NBA permanently retires Bill Russell’s No. 6

NBA permanently retires Bill Russell’s No. 6

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Hailed by NBA Commissioner Adam Silver as “Basketball’s Babe Ruth,” Boston Celtics legend Bill Russell now shares a timeless honor with Jackie Robinson.

The NBA announced Thursday that it will permanently retire Russell’s No. 6 across the league in recognition of his Hall of Fame career and pioneering social justice activism. Russell, an 11-time champion who died last month at 88, becomes the first NBA player to receive this honor, a move endorsed by Los Angeles Lakers legend Magic Johnson earlier this month.

“Bill Russell’s unparalleled success on the court and pioneering civil rights activism deserve to be honored in a unique and historic way,” Silver said in a statement. “Permanently retiring his No. 6 across every NBA team ensures that Bill’s transcendent career will always be recognized.”

Current NBA players who wear No. 6 — including Lakers star LeBron James — will be allowed to continue, but teams cannot issue the number to new players.

Major League Baseball permanently retired No. 42 in honor of Robinson in 1997, a half-century after he broke the sport’s color barrier. Russell became the NBA’s first Black coach in 1966, and he was presented the Presidential Medal of Freedom by Barack Obama in 2011.

Bill Russell really was the greatest of all time

The NBA, which named its Finals MVP award after Russell in 2009, will recognize his career throughout the 2022-23 season. In addition to commemorative jersey patches, a court insignia bearing the Celtics’ clover logo with No. 6 will be placed near the scorer’s table at every arena.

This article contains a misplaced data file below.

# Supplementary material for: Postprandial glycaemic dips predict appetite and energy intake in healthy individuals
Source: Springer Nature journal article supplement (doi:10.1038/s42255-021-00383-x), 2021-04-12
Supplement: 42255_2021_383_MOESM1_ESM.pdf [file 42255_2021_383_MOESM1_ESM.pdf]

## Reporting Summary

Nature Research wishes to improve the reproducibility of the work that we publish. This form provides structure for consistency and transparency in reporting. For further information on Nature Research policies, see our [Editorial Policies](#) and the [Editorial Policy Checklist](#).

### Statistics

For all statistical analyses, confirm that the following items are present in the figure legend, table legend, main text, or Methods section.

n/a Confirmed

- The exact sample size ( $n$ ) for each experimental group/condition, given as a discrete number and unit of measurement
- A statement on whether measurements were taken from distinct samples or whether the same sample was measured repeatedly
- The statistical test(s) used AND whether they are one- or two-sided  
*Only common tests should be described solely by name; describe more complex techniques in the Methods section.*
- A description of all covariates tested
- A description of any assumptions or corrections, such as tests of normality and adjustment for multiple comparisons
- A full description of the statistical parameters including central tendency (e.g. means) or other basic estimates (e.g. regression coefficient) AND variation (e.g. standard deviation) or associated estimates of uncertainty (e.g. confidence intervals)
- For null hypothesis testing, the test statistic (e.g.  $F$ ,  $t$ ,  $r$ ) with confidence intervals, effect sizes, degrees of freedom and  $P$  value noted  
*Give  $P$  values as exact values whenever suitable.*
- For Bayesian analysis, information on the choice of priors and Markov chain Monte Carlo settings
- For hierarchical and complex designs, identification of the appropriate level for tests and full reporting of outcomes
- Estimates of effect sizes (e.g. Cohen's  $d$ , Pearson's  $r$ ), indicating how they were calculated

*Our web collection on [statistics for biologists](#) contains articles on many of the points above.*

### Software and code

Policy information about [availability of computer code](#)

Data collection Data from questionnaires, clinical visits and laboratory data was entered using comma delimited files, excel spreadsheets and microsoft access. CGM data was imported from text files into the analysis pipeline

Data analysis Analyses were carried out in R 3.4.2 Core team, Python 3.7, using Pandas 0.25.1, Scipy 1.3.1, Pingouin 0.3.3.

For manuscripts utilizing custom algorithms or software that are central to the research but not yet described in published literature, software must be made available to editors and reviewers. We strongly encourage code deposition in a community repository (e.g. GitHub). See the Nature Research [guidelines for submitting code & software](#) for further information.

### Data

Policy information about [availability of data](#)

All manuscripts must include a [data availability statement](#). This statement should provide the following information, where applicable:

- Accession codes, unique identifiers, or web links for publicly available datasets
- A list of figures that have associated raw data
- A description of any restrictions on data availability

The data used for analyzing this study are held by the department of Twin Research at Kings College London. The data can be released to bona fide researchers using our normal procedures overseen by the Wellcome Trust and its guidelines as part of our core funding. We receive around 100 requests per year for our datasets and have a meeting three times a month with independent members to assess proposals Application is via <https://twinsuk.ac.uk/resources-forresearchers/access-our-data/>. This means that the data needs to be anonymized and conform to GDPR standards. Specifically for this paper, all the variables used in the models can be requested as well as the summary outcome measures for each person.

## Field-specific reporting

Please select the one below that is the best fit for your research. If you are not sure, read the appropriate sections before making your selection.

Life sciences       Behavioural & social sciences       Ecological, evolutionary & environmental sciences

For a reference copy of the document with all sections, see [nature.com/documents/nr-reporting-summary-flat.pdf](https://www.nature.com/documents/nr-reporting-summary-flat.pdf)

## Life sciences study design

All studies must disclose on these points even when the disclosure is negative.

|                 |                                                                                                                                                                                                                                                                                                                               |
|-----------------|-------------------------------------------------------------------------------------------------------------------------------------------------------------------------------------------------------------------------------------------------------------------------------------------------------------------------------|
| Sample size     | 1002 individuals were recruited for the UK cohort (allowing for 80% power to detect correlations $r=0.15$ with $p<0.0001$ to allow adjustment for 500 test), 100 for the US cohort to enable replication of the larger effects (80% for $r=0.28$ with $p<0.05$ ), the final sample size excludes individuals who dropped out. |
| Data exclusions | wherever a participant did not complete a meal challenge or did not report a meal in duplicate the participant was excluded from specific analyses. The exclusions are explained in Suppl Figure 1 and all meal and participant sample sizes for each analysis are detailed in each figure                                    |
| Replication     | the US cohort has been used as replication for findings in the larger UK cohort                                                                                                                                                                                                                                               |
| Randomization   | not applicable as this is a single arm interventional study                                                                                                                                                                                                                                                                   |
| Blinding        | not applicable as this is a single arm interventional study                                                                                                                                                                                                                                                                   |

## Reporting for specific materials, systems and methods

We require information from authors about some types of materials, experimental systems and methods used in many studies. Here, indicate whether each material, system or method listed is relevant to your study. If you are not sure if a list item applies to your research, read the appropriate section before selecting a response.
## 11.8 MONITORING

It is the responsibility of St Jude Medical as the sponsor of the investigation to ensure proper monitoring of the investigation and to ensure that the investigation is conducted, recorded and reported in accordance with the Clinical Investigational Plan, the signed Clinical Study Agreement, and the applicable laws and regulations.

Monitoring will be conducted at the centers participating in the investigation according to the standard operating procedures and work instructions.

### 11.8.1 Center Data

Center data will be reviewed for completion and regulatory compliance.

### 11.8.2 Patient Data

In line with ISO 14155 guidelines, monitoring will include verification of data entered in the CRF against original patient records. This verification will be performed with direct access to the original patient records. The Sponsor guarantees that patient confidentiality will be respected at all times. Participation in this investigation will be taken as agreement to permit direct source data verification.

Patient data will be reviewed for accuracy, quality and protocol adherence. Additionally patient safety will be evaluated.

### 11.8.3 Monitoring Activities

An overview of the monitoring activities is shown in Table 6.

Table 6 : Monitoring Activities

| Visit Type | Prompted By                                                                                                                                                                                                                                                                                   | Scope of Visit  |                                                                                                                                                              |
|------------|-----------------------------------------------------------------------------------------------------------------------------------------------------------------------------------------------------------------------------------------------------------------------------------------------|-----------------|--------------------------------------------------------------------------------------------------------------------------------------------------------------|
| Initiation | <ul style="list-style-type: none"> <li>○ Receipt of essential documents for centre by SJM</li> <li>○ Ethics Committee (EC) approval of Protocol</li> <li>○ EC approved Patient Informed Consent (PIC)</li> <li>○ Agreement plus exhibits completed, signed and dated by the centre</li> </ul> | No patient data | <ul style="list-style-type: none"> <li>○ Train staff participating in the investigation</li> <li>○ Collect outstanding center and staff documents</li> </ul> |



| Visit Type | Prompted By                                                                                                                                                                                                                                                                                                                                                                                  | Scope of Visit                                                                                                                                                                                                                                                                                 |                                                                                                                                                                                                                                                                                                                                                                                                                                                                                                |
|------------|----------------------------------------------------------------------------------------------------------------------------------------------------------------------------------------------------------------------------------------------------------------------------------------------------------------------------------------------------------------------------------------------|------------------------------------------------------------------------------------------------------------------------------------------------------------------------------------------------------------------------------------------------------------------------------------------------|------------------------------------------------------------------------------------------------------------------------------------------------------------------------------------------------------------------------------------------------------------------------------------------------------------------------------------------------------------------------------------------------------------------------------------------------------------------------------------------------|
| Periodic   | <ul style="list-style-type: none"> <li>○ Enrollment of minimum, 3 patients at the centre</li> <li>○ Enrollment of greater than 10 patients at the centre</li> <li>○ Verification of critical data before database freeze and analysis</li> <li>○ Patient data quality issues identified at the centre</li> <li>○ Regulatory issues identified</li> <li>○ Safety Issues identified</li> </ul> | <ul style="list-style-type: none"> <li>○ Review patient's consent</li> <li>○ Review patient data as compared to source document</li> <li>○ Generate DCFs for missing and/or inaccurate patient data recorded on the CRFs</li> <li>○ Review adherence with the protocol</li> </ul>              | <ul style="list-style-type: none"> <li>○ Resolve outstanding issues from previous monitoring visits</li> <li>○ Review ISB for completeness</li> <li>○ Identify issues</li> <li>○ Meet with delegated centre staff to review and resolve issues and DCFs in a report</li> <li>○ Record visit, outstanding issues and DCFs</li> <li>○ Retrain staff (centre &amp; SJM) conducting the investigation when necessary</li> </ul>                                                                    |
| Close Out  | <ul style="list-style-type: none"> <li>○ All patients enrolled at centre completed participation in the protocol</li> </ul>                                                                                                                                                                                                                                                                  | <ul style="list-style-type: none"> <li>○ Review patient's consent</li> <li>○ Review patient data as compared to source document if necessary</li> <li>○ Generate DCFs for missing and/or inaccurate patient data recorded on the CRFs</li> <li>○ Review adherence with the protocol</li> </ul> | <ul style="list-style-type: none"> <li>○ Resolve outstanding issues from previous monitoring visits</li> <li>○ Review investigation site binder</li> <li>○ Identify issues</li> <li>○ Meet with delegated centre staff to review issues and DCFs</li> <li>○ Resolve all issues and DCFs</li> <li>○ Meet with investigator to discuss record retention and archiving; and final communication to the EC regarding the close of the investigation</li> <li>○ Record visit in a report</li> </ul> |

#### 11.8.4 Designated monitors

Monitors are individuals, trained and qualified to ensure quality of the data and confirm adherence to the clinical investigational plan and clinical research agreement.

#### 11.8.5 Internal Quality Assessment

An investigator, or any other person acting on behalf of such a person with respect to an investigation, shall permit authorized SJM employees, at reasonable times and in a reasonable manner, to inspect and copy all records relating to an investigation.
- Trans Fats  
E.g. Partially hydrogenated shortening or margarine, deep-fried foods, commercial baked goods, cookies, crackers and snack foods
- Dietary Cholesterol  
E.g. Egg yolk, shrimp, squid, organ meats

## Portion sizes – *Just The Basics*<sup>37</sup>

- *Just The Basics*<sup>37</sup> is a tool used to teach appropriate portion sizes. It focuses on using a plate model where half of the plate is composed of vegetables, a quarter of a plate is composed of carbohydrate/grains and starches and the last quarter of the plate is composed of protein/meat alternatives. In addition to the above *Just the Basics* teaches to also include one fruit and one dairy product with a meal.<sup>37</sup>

“Bill’s actions on and off the court throughout the course of his life helped to shape generations of players for the better and for that, we are forever grateful,” National Basketball Players Association Executive Director Tamika Tremaglio said. “We are proud to continue the celebration of his life and legacy alongside the league.”

Russell’s No. 6 was previously retired by the University of San Francisco, where he won NCAA titles in 1955 and 1956, and by the Celtics, with whom he played the entirety of his 13-year NBA career from 1956 to 1969.

The leaguewide jersey retirement is just the latest honor to recognize a storied career. At USF, Russell was a two-time all-American and the 1955 NCAA tournament most outstanding player. After winning a gold medal at the 1956 Melbourne Olympics, Russell was a five-time MVP, 12-time all-star and 11-time all-NBA selection with the Celtics.

Following his retirement, Russell was inducted to the Naismith Basketball Hall of Fame as both a player and a coach, was named to the NBA’s 25th, 35th, 50th and 75th anniversary teams and was given the league’s lifetime achievement award in 2017.

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